I was in a wind up mood yesterday. I have no excuse, I guess sometimes, as with everyone, I am just plain old annoying. My oldest son bore the brunt of it yesterday, probably not helped by the fact that he was in a stroppy mood anyway, but I did nothing to help him out of his funk.
We were out in the Forest, kids on their bikes, us attempting to teach child number three how to cycle without stabilizers (unsuccessfully). Child number one was off and about cycling the perimeter of the site, and coming back and going off again. I can’t remember the exact details of what was said and when. All I remember is that I annoyed him. Well and truely. He glowered at me, and told me he was annoyed in no uncertain terms.
I reigned myself in and I apologised, but he wasn’t in the mood for any of my grovelling, and off he went again.
Later on, I again apologised, it was half heartedly received.
But by the evening he was back to being the cuddly little man at my side on the sofa, and what he said next melted my heart.
“I’m sorry I was stroppy earlier mummy.” Here he was apologising for how he felt, apologising for having perfectly valid feelings.
“You are entitled to be stroppy! You are entitled to get in a mood with me if I’m annoying you! Everyone is entitled to get upset, angry, low, have bad days. It’s all part of being human and alive.”
But it does make me think. All too often adults invalidate their children’s feelings. We think that because a child is a child, they have no right to the extremes of emotions that we feel as adults, but actually, surely, they are as entitled if not more so? They are constantly learning about themselves and their environment, they are learning what pleases them and what pees them off! They are learning social skills, how to interact with others depending on the emotions they are feelings, and when we belittle those thoughts and feelings, we cause them to question their place in the world and who they are and how they should act.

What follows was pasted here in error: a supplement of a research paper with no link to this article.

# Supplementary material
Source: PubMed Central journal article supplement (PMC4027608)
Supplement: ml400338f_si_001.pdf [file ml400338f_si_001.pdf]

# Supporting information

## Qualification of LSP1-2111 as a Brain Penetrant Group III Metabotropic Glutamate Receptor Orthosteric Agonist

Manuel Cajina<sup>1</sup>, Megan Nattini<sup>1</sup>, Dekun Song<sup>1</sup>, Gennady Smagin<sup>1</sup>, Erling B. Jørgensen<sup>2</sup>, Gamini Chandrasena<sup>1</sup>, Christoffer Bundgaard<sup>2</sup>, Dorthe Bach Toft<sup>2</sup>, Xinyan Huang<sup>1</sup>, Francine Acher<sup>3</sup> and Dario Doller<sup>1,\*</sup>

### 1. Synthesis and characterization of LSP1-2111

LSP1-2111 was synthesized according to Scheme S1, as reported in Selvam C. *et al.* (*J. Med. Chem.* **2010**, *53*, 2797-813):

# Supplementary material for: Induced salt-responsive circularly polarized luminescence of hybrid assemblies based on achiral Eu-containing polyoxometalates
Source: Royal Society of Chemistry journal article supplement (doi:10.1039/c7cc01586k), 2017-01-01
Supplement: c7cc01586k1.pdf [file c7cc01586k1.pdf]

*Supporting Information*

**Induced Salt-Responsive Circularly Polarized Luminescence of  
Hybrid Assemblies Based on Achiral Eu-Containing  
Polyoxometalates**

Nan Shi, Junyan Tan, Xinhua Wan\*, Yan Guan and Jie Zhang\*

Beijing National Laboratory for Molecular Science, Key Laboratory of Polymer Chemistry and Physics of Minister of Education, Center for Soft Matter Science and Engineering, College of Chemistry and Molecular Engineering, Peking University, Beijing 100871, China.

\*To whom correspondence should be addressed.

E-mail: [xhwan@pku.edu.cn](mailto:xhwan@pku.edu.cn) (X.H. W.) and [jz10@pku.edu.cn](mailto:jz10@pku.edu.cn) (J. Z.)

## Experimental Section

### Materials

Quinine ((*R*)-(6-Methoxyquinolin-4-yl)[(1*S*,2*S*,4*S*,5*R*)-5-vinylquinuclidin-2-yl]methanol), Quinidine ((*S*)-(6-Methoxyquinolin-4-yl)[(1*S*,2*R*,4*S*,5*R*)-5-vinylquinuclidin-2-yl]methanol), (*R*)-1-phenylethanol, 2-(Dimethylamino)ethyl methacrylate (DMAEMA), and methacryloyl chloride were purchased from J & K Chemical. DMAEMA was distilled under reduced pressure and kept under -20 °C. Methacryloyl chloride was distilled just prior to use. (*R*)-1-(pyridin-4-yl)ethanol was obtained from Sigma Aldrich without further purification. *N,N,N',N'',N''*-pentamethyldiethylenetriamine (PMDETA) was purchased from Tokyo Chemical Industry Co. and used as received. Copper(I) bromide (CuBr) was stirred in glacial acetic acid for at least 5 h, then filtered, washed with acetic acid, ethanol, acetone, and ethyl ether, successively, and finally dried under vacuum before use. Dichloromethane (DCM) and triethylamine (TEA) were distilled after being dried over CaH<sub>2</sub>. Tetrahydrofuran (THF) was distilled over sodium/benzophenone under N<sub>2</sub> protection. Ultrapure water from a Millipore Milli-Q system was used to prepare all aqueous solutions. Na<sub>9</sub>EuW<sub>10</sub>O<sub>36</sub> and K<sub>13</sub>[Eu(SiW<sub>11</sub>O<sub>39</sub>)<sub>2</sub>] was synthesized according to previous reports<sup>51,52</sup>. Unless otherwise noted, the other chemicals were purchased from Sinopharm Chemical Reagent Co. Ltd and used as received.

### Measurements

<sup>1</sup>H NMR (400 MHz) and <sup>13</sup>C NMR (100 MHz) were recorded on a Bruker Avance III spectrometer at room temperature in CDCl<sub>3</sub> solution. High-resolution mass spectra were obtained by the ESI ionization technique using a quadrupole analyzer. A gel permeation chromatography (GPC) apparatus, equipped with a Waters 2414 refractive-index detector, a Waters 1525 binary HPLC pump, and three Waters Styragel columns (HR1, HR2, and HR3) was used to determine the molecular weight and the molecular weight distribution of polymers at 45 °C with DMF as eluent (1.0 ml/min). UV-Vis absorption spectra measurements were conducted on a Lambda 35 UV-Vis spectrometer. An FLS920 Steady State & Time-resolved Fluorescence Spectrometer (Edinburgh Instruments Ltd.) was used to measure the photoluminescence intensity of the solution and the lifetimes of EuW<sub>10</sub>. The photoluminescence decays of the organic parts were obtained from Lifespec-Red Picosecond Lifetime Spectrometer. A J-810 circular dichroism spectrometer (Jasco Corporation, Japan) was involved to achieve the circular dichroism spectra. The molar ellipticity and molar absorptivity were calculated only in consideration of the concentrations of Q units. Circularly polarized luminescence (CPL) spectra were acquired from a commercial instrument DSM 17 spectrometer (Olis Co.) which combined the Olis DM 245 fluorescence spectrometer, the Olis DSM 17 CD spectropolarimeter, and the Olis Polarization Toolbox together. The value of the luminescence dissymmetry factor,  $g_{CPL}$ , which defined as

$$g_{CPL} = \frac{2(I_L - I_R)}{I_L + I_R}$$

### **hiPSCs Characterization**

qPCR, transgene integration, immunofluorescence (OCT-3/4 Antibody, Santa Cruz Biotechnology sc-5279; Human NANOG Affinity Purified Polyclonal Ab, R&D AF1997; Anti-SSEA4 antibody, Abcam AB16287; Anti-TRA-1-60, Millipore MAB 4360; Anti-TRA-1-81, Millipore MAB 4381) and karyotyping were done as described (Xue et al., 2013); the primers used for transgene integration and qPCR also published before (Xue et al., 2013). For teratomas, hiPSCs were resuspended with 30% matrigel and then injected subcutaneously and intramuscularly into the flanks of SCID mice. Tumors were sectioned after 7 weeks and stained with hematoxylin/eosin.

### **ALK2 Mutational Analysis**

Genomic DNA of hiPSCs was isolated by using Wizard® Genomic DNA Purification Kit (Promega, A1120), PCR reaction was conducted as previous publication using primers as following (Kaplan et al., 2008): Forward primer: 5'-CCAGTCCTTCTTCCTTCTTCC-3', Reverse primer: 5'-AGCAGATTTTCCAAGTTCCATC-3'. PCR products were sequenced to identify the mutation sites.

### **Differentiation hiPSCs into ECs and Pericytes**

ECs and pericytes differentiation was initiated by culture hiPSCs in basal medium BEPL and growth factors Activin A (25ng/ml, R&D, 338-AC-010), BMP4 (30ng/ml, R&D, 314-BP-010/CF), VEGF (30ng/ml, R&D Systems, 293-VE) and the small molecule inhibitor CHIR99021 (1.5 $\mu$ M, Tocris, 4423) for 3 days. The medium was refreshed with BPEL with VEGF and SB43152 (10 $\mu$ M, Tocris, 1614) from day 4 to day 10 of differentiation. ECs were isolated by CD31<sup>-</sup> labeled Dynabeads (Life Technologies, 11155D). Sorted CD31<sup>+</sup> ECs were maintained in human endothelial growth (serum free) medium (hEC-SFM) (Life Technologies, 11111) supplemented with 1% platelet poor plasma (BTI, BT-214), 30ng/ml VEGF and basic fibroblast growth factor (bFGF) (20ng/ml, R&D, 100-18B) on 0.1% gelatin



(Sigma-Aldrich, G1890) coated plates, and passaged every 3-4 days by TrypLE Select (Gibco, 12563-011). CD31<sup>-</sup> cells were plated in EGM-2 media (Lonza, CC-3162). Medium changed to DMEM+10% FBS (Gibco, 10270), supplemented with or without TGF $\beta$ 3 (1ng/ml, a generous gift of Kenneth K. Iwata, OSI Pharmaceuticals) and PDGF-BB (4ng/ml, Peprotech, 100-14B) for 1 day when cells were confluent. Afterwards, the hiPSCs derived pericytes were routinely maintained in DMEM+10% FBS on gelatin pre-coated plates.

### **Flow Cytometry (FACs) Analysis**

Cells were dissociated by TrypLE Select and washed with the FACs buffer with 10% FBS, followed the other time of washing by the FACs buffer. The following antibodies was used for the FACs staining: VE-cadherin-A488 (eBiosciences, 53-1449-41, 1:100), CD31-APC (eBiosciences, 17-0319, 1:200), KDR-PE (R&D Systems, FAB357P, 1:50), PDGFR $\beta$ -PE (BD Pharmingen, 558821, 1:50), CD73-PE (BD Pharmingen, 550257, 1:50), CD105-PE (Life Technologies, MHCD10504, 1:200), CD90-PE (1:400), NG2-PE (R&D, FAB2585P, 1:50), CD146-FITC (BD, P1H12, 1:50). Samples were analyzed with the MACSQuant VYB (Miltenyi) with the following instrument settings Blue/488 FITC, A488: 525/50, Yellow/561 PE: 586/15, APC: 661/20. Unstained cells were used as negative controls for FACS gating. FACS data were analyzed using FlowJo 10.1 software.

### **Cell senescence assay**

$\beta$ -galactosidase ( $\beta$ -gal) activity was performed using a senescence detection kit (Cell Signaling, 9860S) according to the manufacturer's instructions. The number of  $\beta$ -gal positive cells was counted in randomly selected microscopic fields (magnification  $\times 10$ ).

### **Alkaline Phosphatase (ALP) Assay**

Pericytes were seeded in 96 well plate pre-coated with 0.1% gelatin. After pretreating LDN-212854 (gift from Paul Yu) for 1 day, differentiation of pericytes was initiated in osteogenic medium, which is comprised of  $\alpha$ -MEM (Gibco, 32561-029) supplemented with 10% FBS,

I don’t want my children feeling invalidated. I don’t want my children to feel they have to apologise for not having a constantly sunny disposition.
Maybe this is one of the flaws with today’s society. We are so used to people telling us to “cheer up it may never happen” or “pull yourself together” or “stop feeling sorry for yourself”, but actually why do we have to be cheerful all the time? Why do we have to put on a happy show every minute of the day? To make other people feel comfortable? So that those other people don’t have to get involved in our lives? So other people can worry just about themselves and not need be concerned for anyone else.
The “Me” generation is getting out of hand, and when it involves a child limiting the emotions they display for the sake of people around them then something needs to change.
It’s not all about “ME”. It’s all about “WE”